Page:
Those nations don’t have energy alternatives to sustain their economies as of right now, which is why Hungary and Slovakia were initially offered an additional year — until the end of 2023 — to comply with the embargo. Hungary has requested an exemption to the import of crude oil by pipeline, and Slovakia and the Czech Republic are arguing for longer transition periods, according to the Financial Times. Although the details are still under discussion, reporting from Reuters on Friday indicated that the EC will extend the timelines for those countries to wean themselves off of Russian oil and provide assistance for refinery upgrades.

“The key thing is to bring the Hungarians on board,” Gustafson said. “There will be bargaining both ways,” he told Vox. That’s because of the EC principle of unanimity, not because Hungary — or, for that matter, Slovakia or the Czech Republic — consume enough Russian oil for their participation in the ban to matter in an economic sense, since Hungarian and Slovak imports account for only about 6 percent of the EU’s Russian oil imports, according to Reuters.

Will these sanctions deliver the intended blow to the Russian economy?

While Gustafson believes that there will be a decision on the oil embargo, “in the near term, it’s going to be a muted blow.” For one, there are still nations that will purchase Russian oil in the short term — although eventually, Gustafson told Vox, Russia will run out of the capacity to ship or store enough oil to make up for the losses from the EU embargo, thus forcing the industry to slow production, resulting in prices being driven down.

But according to the Wednesday Group, which tracks Russian oil exports, price increases on fuel have meant that Russia is raking in about as much money from sales as it did prior to the US decision to ban Russian oil imports back in March. Though the EU is the largest importer of Russian oil, the staggered transition timeline that the EC is proposing could potentially give Russia more time to negotiate exports to other nations; that’s already happening with India, the Washington Post reports,

The proposed ban is a major shift from EU policy just two months ago, when the bloc refused to join the full US embargo on Russian energy products. At that time, the bloc unveiled a plan to cut down on natural gas dependence by two-thirds by the end of this year; Wednesday’s announcement didn’t address that pledge or the topic of natural gas at all.

The natural gas question is complex, certainly, and Russia has been able to weaponize the resource, cutting off flows to Poland and Bulgaria for their refusal to buy it with rubles last month. Part of the issue, Gustafson explained, is that natural gas exports are governed by long-term contracts which can employ “take-or-pay” clauses — as in, a country either takes the product or pays for a specific amount even if it doesn’t take the gas. Shutting off access, therefore, isn’t just a matter of refusing to purchase the commodity. Finding an alternative source for natural gas isn’t that straightforward, either. The infrastructure to replace natural gas imports from Russia with imports from other countries like the US doesn’t yet exist at the necessary scale — and increased production and use would likely severely compromise climate goals.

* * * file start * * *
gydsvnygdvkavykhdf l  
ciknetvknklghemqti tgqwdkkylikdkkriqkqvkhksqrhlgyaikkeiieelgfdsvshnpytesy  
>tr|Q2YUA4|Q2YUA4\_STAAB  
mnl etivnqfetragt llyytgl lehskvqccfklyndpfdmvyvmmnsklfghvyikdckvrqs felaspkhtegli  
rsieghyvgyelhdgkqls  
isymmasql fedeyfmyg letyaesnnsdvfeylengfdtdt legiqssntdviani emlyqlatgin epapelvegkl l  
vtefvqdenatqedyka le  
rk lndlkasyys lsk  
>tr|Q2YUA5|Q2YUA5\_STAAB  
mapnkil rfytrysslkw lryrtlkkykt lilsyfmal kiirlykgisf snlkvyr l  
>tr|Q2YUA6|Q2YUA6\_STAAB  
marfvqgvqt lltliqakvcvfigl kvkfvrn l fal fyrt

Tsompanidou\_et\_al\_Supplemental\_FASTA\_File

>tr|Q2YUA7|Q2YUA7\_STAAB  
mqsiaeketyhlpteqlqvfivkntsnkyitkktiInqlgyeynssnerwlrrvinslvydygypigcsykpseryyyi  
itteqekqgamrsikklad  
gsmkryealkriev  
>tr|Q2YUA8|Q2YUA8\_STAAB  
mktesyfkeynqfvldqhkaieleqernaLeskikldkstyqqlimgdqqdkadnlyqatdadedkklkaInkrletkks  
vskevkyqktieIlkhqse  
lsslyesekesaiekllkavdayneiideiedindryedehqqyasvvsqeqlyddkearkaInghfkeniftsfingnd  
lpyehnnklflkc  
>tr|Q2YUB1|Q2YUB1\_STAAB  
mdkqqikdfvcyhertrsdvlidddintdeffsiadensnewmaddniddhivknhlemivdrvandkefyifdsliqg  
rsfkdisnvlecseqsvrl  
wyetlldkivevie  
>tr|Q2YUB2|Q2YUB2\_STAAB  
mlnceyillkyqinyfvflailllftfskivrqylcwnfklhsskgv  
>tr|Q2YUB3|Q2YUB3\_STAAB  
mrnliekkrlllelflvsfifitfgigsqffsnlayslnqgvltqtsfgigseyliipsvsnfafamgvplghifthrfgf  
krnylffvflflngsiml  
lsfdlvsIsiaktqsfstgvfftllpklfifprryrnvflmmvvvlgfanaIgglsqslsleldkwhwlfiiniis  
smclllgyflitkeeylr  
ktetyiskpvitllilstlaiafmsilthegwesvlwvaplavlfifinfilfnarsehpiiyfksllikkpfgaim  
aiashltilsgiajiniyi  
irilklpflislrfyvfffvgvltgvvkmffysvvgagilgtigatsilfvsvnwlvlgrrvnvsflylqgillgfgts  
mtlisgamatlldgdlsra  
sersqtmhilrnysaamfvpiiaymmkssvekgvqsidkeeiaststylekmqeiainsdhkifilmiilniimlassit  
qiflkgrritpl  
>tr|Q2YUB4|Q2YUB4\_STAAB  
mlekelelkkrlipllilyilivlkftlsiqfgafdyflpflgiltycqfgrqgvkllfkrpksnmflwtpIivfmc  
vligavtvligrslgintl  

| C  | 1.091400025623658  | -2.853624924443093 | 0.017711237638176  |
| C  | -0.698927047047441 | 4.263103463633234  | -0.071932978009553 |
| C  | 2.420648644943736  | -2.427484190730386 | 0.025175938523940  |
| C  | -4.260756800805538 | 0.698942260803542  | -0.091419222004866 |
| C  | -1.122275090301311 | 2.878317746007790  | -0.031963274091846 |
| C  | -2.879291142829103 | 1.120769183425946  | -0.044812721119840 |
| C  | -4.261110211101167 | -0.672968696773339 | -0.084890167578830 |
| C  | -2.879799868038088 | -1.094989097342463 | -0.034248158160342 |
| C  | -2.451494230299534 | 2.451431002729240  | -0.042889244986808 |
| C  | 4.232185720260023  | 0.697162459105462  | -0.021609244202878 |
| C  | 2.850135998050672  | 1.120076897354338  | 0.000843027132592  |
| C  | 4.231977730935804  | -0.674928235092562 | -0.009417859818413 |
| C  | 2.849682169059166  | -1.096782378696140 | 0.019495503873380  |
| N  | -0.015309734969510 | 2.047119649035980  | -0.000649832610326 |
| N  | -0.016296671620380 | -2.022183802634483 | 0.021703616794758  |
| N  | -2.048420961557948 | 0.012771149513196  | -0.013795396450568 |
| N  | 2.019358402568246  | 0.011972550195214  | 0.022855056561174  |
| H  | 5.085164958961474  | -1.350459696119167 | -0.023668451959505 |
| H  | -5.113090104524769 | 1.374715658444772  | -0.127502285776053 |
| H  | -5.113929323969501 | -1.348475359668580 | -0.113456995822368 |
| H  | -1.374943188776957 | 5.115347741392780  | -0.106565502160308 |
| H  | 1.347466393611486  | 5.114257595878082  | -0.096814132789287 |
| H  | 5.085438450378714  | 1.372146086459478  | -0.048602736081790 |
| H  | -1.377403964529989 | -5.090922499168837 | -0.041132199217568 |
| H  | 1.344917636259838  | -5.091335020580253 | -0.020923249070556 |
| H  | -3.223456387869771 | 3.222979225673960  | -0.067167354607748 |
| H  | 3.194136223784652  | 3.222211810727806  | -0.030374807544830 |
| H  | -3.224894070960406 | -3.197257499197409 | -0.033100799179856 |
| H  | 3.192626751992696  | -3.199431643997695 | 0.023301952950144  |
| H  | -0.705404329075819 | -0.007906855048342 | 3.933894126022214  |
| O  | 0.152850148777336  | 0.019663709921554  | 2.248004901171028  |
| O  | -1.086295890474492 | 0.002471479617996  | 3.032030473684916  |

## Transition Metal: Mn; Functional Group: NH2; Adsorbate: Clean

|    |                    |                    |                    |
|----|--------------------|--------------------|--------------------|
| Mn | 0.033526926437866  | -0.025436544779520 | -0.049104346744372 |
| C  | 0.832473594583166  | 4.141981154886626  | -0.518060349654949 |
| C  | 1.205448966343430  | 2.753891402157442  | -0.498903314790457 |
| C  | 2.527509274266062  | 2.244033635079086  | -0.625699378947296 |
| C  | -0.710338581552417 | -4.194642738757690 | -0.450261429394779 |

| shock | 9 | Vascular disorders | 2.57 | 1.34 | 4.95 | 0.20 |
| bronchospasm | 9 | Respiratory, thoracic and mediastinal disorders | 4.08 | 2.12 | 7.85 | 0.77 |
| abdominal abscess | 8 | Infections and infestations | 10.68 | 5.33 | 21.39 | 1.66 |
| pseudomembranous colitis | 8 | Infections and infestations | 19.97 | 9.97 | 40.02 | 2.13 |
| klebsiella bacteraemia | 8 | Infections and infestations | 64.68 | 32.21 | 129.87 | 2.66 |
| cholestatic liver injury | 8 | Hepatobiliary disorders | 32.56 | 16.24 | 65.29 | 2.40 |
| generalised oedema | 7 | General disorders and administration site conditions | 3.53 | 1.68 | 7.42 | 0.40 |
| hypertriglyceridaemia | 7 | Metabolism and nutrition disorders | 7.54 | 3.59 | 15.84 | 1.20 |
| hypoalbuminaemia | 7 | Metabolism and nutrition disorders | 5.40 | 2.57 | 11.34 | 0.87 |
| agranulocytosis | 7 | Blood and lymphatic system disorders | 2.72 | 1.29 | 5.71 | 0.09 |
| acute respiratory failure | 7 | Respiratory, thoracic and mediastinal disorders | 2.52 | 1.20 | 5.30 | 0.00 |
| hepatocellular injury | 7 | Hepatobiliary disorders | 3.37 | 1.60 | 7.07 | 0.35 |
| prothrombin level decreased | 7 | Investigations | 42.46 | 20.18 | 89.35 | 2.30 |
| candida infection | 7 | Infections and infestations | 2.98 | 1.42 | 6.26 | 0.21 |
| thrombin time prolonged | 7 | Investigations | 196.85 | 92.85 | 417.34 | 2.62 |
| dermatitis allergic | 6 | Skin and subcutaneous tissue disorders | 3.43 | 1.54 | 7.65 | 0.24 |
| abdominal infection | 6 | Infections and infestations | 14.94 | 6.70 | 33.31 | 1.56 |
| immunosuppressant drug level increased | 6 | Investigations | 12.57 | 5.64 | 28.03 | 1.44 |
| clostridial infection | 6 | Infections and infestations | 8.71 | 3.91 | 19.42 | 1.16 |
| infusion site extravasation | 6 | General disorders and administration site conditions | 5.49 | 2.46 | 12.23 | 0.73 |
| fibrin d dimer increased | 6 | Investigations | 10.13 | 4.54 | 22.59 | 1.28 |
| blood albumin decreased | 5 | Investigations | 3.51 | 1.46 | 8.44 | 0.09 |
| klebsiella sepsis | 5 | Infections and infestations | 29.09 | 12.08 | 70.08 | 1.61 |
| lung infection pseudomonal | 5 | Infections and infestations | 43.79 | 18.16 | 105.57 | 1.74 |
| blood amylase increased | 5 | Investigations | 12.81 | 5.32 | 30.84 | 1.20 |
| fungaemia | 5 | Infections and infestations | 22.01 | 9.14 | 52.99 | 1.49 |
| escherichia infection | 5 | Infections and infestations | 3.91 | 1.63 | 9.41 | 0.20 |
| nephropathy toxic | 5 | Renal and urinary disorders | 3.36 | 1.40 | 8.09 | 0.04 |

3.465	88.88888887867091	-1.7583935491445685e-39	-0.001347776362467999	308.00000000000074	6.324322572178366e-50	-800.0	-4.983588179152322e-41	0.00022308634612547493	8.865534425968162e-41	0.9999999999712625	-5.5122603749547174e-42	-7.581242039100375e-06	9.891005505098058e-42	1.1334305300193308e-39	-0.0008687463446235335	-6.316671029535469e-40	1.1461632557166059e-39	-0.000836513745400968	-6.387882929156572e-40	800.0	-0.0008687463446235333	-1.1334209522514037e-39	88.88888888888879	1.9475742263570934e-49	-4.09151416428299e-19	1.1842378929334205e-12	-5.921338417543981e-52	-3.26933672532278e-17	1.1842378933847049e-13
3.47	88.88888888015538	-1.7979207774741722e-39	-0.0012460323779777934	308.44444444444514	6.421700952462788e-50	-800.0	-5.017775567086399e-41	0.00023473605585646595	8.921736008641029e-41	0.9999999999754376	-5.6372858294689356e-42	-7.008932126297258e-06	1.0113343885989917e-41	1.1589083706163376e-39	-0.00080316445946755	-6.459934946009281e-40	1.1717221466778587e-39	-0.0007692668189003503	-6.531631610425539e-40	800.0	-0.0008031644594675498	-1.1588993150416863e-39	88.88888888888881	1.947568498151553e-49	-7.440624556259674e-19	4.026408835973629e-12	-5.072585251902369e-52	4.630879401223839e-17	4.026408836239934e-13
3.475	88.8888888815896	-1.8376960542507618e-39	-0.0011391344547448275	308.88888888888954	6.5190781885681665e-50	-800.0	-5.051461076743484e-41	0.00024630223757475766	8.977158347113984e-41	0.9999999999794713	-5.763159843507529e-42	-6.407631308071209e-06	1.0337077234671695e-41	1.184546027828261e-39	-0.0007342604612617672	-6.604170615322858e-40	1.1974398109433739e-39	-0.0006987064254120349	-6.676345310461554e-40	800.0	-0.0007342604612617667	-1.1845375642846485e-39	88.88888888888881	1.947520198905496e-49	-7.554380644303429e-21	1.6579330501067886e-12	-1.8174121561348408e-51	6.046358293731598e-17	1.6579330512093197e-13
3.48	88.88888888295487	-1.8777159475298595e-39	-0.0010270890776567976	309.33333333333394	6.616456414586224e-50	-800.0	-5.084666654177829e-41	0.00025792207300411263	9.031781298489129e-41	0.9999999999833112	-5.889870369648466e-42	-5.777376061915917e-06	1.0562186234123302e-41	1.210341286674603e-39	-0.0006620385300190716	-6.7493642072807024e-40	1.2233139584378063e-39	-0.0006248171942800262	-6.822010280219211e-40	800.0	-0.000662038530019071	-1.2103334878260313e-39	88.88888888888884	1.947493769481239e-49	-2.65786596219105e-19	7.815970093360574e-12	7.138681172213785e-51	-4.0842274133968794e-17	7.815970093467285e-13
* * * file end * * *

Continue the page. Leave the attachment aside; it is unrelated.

Furthermore, Russia’s natural gas exports — both shipments as liquid natural gas and via pipelines like the now-scuttled Nord Stream 2 — have actually increased since the beginning of the war, according to the Center for Research on Energy and Clean Air.

But “the biggest question is Germany,” Gustafson said. The biggest economy in the EU, Germany relies heavily on Russian natural gas to heat homes and power its economy; dismantling that infrastructure without triggering a recession with wide-ranging effects will be a delicate negotiation indeed. Germany long ago developed “very elaborate” partnerships with Russia, Gustafson noted, particularly after the fall of the Soviet Union. Germany’s thinking was that such economic interdependence would ensure peace in Europe, which The Daily explained in an episode last month. The invasion of Ukraine undid decades of peace, and Germany’s energy transition will have to undo decades of cooperation with and dependence on Russian sources.

If and when the EC unanimously decides a path forward to wrest EU member nations from dependence on Russian fuel, it’s not clear what the desired effect of an oil or all-out fuel embargo would be. Theoretically, the goal of cutting off profits from Russia’s fuel industry is to stop Putin’s war machine by bleeding the Russian economy. It could take quite a long time before the EU’s embargo has that significant of an effect, though.

Wednesday’s announcement doesn’t appear to have altered Putin’s viewpoint, either. The Kremlin’s response to the embargo proposal has been in line with its attitude toward Western involvement in the war, Gustafson told Vox: “The dominant response, and certainly the public response, is defiance, and defiance toward the West.”

Correction, May 8, 4:18 pm: A previous version of this story misstated the function of the EU body Ursula von der Leyen heads. It is the executive arm.